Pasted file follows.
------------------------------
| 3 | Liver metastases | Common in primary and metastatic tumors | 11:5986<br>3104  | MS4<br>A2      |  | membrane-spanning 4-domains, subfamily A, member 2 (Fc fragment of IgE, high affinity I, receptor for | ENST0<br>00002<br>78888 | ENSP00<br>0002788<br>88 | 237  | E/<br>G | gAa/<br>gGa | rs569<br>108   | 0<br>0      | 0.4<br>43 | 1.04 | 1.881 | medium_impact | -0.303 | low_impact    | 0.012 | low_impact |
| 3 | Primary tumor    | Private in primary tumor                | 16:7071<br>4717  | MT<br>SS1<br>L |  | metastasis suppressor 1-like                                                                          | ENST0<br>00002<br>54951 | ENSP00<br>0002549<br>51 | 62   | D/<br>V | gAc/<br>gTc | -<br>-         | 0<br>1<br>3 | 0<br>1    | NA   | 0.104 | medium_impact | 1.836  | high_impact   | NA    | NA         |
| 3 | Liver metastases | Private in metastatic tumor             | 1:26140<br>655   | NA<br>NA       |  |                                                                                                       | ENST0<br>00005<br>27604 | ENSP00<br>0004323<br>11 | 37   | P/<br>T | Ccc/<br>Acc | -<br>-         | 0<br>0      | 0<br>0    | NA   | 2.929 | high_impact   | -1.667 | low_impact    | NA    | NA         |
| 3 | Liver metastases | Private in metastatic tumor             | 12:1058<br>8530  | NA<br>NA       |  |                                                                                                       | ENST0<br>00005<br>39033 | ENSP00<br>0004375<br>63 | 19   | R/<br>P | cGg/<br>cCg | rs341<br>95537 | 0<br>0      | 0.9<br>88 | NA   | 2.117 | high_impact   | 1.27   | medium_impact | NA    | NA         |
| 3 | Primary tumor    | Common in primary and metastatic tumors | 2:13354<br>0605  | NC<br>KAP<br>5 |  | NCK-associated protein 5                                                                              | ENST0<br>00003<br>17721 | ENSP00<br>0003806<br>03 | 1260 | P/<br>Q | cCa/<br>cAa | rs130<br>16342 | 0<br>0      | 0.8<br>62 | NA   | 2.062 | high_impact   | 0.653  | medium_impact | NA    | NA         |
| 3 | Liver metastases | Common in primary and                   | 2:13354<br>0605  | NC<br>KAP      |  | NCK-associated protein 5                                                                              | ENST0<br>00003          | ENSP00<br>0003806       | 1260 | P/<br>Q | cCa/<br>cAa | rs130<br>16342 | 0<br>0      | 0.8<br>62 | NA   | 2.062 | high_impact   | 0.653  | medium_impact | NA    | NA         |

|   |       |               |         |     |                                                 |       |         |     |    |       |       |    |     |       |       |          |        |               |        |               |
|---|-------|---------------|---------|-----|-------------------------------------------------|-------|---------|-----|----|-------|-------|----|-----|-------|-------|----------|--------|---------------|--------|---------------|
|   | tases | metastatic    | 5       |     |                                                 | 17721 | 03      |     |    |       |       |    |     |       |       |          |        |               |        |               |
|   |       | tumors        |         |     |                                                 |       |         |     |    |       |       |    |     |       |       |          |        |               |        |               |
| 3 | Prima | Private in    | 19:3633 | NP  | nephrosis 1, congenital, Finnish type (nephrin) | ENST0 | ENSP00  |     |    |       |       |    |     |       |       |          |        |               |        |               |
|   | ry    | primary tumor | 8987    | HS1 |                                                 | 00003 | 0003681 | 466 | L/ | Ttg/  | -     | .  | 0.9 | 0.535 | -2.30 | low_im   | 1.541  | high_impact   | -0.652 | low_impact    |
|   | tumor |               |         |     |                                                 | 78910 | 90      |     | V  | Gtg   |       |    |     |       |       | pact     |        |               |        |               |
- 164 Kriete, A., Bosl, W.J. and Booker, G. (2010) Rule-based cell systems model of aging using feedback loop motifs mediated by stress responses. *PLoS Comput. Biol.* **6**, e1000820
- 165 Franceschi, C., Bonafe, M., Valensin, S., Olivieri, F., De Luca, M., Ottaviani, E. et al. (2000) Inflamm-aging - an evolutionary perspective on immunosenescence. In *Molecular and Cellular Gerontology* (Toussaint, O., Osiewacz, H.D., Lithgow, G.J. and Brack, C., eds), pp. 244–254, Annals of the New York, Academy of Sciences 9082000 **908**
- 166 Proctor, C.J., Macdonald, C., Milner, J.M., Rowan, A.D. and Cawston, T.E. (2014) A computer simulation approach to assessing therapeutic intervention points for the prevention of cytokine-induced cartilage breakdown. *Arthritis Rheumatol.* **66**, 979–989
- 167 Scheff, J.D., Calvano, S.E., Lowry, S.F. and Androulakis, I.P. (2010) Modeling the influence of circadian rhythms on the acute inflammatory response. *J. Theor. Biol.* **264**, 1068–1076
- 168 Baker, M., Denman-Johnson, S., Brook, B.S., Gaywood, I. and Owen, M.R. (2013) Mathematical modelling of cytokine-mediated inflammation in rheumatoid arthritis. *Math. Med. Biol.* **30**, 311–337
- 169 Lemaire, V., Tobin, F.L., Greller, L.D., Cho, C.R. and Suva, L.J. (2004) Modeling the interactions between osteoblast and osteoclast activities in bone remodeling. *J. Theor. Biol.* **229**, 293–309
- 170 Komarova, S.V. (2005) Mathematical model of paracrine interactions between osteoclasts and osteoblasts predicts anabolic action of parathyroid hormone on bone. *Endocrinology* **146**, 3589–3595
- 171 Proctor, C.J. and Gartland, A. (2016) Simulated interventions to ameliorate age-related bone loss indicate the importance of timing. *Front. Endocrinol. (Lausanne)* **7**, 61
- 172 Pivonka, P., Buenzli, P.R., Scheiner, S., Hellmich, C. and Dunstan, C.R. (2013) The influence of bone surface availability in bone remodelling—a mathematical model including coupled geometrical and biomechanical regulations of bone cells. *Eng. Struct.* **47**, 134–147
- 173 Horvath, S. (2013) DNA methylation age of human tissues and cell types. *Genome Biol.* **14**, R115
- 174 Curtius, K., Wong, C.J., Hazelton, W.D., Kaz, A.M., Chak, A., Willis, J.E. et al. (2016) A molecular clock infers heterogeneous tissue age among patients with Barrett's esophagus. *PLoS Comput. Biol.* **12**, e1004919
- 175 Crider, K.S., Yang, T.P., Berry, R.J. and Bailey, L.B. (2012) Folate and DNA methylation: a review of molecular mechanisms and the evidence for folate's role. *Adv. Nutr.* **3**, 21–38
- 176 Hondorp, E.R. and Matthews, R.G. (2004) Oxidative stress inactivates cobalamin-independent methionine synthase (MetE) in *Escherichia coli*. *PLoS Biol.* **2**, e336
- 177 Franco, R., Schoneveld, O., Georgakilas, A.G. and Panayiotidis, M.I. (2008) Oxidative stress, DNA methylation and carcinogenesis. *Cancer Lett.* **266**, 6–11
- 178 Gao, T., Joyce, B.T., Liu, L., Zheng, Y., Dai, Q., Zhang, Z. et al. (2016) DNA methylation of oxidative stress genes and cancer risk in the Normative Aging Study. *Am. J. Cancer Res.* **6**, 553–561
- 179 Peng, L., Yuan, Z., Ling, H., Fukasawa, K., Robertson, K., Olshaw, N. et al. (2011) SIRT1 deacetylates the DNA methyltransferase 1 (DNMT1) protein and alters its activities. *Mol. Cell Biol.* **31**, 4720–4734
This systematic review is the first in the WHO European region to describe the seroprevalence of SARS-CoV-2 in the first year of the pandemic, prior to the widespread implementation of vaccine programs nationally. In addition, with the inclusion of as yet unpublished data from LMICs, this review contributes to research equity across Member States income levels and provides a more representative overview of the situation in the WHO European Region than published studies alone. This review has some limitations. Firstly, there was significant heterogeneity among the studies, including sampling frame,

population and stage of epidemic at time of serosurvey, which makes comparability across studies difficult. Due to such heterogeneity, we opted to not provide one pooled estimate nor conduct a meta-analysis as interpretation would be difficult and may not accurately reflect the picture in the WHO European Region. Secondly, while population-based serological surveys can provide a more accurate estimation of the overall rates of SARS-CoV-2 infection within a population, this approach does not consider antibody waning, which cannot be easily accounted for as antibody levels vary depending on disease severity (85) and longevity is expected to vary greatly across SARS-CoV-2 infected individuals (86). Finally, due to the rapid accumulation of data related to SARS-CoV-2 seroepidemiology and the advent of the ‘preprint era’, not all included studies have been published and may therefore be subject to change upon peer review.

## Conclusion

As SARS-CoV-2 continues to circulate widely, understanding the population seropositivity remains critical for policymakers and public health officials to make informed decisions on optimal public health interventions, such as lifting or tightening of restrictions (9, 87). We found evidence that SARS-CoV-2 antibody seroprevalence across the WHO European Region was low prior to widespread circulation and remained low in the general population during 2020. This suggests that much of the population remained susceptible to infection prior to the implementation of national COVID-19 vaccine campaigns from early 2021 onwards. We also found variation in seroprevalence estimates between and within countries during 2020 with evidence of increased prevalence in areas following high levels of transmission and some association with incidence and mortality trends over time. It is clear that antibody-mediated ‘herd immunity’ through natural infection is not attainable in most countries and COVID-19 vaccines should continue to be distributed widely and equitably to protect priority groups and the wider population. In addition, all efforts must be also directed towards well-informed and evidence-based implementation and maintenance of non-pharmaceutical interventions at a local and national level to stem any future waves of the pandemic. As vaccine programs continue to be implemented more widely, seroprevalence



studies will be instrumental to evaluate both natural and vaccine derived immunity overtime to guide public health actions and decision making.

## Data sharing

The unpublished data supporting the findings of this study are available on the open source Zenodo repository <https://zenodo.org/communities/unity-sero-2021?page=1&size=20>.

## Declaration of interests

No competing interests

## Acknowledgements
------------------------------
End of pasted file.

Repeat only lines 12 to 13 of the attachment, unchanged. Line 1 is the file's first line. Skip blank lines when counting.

|   | ry    | primary tumor | 8987    | HS1 |                                                 | 00003 | 0003681 | 466 | L/ | Ttg/  | -     | .  | 0.9 | 0.535 | -2.30 | low_im   | 1.541  | high_impact   | -0.652 | low_impact    |
|   | tumor |               |         |     |                                                 | 78910 | 90      |     | V  | Gtg   |       |    |     |       |       | pact     |        |               |        |               |